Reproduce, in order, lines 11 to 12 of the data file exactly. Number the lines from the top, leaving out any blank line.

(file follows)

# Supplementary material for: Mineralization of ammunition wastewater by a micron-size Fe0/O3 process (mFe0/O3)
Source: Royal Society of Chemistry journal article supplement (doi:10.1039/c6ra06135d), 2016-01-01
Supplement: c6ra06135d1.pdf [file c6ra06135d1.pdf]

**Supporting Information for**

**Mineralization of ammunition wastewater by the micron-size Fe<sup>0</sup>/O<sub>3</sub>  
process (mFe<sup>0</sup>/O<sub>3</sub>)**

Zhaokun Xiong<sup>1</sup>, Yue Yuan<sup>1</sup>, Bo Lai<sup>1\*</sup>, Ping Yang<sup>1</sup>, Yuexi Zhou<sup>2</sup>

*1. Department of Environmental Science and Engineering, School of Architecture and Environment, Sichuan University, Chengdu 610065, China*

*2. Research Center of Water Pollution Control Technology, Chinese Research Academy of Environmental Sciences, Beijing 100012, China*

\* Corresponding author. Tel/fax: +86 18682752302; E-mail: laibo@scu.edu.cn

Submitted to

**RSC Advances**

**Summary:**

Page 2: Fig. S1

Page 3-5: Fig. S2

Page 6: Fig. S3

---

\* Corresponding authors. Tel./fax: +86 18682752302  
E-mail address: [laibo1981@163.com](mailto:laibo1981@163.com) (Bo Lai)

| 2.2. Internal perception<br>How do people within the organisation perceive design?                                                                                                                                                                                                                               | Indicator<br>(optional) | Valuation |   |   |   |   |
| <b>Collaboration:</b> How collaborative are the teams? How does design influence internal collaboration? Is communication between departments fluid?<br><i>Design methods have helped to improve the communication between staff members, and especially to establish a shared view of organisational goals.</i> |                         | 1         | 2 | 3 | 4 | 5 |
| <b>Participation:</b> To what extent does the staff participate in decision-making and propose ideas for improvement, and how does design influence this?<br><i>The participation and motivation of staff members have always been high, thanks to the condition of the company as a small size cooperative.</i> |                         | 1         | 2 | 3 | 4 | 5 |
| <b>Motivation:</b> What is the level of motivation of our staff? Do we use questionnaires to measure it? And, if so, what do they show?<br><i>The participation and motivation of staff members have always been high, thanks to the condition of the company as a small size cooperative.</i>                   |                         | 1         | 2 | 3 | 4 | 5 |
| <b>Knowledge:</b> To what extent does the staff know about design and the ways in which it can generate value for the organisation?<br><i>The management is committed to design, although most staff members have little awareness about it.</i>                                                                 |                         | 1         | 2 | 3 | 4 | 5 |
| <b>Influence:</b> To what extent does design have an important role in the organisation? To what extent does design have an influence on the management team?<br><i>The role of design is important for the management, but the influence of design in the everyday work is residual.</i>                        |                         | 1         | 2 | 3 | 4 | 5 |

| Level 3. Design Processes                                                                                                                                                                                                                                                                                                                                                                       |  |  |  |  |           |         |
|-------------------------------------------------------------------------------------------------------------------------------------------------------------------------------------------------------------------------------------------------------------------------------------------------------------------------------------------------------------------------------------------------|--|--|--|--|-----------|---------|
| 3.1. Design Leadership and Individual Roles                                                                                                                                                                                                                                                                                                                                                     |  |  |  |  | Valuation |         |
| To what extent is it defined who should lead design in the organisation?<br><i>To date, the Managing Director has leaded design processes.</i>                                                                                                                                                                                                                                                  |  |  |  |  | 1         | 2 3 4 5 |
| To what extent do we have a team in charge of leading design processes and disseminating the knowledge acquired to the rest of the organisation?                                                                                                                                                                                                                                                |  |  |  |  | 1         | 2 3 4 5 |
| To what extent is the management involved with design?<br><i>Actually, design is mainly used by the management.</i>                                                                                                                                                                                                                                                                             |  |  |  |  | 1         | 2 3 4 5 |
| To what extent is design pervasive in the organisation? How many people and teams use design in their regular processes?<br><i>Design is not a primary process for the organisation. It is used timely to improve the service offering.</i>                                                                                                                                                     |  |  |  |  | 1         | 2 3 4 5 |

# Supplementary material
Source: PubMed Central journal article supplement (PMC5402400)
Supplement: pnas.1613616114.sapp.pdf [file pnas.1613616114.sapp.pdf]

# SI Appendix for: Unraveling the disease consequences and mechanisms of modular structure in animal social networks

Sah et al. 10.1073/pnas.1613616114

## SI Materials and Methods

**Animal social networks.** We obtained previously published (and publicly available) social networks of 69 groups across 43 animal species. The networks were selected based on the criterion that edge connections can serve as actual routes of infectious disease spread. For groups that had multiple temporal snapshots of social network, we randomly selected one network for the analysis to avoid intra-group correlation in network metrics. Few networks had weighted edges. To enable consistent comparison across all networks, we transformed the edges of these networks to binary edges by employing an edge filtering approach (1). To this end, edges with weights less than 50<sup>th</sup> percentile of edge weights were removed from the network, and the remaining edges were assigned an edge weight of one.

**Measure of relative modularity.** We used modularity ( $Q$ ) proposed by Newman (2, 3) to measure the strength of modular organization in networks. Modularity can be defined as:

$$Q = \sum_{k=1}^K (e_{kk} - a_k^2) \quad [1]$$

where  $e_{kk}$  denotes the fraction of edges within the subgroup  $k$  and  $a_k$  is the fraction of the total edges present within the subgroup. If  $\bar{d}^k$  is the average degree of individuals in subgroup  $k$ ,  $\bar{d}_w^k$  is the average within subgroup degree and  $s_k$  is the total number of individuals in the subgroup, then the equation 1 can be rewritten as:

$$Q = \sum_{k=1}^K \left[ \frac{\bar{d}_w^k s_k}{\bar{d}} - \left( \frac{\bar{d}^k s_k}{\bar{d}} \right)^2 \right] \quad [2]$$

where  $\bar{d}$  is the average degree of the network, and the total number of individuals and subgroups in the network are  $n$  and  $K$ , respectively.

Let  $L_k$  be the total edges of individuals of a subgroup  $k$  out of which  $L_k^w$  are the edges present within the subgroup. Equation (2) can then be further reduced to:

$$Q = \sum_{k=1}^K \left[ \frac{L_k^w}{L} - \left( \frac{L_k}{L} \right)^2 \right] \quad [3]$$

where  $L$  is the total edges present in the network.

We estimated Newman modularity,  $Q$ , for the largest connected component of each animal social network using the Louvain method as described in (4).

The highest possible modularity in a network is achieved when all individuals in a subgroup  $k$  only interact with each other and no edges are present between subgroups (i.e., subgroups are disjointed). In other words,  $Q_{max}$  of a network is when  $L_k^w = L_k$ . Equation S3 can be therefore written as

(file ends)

Submitted to

**RSC Advances**